Missing in Australia – Julie Beyer (the third in a series about lesser-known missing persons in Australia) : mystery


In Australia, a missing person is defined as anyone who is reported missing to police, whose whereabouts are unknown, and where there are fears for the safety or concern for the welfare of that person.

A long-term missing person is someone who has been missing for more than three months. In Australia there are over 2,600 people listed as a long term missing person.

Julie Beyer is one of these people.

Julie Beyer, aged 43 at the time of her disappearance, was last seen in the Lavington NSW area on 9 July 2004.

At the time, Julie had been working in NSW as a legal secretary. Julie resigned, and was planning to move to Mackay, Queensland, where she had rented a house. Prior to her disappearance, she had moved some of her belongings into storage, but disappeared whilst running an errand in her car, a white Daewoo Nubria station wagon with NSW Rego number: YIT 763. No trace of Julie, or her car, have been found to this day.

One source says that she was last seen in July by her 16 year old son, packing her car at her house in Albury. However, other reports say that at the time, her son was living in Melbourne with his father.

His father called the police when Julie failed to answer her phone for two days in a row, unusual behaviour for Julie. “She just stopped answering our calls, and eventually her phone switched itself off,” Mat says. “Her bank account was never touched again. Her car was never found. She never renewed her licence.”

However, another source reports that there were various cash withdrawals from her account up until September 10. Thousands of dollars left in the account after that date indicates that there was not a third party using her account.

On the day Ms Beyer left Albury she had been discharged from hospital where she was an involuntary patient being treated for mental illness. She is reported to need medication to treat possible schizophrenia.

Another source reports that in August 2004, Julie attempted to make contact with her family, but after then, nothing more was heard from her.

A coronial inquest in Albury in 2012 concluded that sadly, Julie was likely to be dead. Deputy state coroner Mr MacMahon says it is likely Ms Beyer died while travelling to the Northern Territory to meet her other son in Katherine. Police believe that Julie may have travelled through Dubbo, Bourke , Maryborough , Gympie and Tennant Creek in the months following her disappearance.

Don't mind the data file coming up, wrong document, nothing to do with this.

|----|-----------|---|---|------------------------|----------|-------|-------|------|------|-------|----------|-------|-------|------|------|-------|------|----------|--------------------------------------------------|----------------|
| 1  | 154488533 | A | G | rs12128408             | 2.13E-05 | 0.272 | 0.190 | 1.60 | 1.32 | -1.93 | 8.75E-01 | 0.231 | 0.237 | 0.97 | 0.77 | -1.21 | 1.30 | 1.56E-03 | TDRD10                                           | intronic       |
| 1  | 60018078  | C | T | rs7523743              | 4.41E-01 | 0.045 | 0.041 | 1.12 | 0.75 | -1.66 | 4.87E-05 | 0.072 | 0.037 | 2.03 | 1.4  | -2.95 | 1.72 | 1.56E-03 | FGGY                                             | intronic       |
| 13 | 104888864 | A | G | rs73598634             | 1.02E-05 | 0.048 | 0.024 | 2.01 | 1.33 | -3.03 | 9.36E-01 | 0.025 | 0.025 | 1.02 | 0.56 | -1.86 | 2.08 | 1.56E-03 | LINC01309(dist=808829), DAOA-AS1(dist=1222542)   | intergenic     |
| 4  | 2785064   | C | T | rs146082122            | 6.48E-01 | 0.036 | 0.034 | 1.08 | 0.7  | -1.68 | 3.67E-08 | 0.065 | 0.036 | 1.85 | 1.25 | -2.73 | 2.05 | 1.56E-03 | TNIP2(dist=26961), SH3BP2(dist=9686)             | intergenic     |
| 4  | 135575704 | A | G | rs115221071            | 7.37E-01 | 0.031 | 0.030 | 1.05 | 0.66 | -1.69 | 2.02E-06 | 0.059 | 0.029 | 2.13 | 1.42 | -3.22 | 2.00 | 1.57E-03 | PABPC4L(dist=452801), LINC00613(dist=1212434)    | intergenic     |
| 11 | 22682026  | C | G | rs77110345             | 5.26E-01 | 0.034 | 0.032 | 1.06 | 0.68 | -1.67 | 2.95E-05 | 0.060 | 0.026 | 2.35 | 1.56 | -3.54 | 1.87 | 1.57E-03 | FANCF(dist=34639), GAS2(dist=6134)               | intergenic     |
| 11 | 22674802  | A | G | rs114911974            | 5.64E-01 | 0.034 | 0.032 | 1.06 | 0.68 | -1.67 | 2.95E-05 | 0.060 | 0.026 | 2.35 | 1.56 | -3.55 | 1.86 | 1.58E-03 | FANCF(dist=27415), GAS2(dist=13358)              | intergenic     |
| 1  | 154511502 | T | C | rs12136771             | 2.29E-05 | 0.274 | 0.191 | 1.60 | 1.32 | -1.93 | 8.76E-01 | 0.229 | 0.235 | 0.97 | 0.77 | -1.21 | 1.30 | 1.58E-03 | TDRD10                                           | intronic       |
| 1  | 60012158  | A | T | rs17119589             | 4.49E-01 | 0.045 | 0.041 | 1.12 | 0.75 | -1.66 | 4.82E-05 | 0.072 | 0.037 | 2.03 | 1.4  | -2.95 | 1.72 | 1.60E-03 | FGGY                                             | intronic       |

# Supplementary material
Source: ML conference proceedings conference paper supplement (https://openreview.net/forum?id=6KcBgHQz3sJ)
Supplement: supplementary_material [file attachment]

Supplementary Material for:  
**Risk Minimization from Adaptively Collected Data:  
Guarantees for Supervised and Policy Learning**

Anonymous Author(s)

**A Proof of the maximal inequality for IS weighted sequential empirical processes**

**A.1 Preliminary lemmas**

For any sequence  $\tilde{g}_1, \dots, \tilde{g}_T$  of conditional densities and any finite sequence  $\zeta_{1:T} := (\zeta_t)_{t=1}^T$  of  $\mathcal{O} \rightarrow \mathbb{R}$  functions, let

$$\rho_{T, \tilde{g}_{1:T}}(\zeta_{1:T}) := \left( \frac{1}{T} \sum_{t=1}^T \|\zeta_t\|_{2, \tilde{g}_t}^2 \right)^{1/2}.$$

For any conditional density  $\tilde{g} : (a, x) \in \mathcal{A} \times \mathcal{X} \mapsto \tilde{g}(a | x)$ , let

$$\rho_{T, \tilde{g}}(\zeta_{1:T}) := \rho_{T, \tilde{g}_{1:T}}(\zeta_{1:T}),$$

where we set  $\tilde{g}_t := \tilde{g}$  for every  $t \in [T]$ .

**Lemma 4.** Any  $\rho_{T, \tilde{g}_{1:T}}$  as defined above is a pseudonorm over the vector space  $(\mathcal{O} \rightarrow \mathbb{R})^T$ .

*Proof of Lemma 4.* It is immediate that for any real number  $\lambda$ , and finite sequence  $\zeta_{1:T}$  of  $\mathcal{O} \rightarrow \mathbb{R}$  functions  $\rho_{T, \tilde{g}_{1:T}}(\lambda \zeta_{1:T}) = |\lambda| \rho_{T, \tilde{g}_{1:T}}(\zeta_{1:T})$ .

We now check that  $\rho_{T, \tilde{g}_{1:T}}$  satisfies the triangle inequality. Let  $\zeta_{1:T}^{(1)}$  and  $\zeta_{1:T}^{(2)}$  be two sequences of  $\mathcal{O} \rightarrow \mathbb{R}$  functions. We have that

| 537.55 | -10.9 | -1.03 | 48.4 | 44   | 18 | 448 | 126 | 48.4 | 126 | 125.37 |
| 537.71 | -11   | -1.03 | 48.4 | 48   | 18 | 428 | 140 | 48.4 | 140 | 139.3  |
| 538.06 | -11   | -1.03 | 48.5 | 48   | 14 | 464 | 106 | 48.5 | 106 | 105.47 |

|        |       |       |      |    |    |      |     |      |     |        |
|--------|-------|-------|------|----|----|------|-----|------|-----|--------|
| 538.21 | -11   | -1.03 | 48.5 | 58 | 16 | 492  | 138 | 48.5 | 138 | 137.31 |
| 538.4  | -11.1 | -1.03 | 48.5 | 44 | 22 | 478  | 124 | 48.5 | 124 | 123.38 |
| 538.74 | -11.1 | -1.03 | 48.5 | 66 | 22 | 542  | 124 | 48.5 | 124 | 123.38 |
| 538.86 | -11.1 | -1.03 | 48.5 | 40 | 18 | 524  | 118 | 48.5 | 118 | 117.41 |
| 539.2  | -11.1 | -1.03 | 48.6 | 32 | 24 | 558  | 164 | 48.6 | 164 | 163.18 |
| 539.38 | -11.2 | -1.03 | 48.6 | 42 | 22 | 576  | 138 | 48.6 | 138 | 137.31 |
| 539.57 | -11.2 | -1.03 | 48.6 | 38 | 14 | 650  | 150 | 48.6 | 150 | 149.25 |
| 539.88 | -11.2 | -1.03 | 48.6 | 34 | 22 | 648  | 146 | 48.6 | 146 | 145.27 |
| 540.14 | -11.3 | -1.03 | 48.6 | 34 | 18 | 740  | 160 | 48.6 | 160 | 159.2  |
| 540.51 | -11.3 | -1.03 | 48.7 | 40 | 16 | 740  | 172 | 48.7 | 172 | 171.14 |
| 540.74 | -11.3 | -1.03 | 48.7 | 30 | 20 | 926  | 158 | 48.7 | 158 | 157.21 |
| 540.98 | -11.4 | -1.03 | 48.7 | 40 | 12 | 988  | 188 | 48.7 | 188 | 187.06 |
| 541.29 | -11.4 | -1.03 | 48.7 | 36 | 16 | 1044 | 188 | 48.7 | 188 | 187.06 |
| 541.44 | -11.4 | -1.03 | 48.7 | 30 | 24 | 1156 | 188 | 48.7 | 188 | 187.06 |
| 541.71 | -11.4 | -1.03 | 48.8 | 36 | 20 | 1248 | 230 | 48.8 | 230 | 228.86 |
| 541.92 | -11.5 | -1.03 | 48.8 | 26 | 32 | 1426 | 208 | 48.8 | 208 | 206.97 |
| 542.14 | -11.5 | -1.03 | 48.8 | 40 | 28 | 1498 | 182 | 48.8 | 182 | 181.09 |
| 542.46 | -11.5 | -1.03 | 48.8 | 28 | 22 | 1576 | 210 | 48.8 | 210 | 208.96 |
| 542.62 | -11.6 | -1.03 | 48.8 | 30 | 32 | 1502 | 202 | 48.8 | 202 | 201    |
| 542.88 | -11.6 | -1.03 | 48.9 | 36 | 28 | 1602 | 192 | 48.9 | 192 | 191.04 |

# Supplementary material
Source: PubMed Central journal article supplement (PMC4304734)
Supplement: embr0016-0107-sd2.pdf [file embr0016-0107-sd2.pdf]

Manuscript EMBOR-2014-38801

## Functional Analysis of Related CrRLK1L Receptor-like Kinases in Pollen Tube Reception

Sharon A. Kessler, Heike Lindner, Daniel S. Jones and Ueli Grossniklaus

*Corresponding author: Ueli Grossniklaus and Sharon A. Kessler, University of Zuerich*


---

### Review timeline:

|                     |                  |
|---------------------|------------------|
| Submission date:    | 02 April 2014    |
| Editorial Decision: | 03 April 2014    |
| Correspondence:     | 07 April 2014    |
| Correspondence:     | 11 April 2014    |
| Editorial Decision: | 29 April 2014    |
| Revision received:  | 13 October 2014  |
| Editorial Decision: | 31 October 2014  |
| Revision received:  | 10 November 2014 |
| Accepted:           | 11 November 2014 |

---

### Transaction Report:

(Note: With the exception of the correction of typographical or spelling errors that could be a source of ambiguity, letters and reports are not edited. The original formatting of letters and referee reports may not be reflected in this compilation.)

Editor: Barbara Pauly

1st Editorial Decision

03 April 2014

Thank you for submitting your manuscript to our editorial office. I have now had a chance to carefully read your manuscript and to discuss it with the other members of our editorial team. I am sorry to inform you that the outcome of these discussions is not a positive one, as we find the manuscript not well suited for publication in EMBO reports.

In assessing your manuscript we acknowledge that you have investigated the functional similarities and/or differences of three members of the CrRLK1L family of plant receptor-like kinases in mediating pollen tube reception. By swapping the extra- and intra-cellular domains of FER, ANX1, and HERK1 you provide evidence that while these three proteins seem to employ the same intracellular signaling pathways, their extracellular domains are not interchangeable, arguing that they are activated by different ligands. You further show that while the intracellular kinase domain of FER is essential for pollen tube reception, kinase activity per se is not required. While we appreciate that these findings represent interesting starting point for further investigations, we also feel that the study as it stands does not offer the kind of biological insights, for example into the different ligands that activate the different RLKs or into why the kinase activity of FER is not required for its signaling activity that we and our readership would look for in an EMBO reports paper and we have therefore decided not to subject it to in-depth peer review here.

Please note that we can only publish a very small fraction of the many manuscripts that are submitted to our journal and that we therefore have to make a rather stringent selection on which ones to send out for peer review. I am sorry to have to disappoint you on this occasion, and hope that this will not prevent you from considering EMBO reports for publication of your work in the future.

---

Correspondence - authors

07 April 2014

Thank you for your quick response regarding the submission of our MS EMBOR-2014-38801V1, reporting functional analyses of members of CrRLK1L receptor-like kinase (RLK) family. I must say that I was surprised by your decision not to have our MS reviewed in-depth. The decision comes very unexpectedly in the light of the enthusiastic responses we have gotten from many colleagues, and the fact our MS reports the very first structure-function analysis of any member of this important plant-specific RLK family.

Mat remembers his mother as a loving woman who was content in her life, and who made fabulous burritos and baked goods after shifts working as a dental nurse or, in later years, in the office of a law firm.

At the time of her disappearance Julie had a medium build, long light brown hair and blue eyes. She is 170cm tall. She may be driving a white Daewoo Nubria station wagon with NSW Rego number: YIT 763.

Anyone with information about Ellen should call Crime Stoppers on 1800 333 000 or use the Crime Stoppers online reporting page: https://nsw.crimestoppers.com.au/

Sources: https://missingpersons.gov.au/search/nsw/julie-beyer

https://m.facebook.com/notes/nsw-police-force/day-4-missing-persons-week-2011-missing-julie-beyer-missingpersonsweek/10150250037426394/

https://www.nowtolove.com.au/amp/lifestyle/books/masterchef-mat-the-day-my-mum-disappeared-29281

https://amp.abc.net.au/article/4098004

http://www.australianmissingpersonsregister.com/Beyer.htm

It seems likely that misfortune has occurred in this case, with mental illness probably playing a part. As always when I post about a missing car, bodies of water are discussed. I wonder if this was a mental health episode, a suicide, or a pure accident. And I wonder what Julie was doing between July and September. I can’t find any CCTV footage from banks or ATM’s where she would have been withdrawing cash, which is odd. I hope that she can be found, so that her family can be at rest.

(This is part 3 of a series of lesser-known long term missing people in Australia. Part 1 Part 2)

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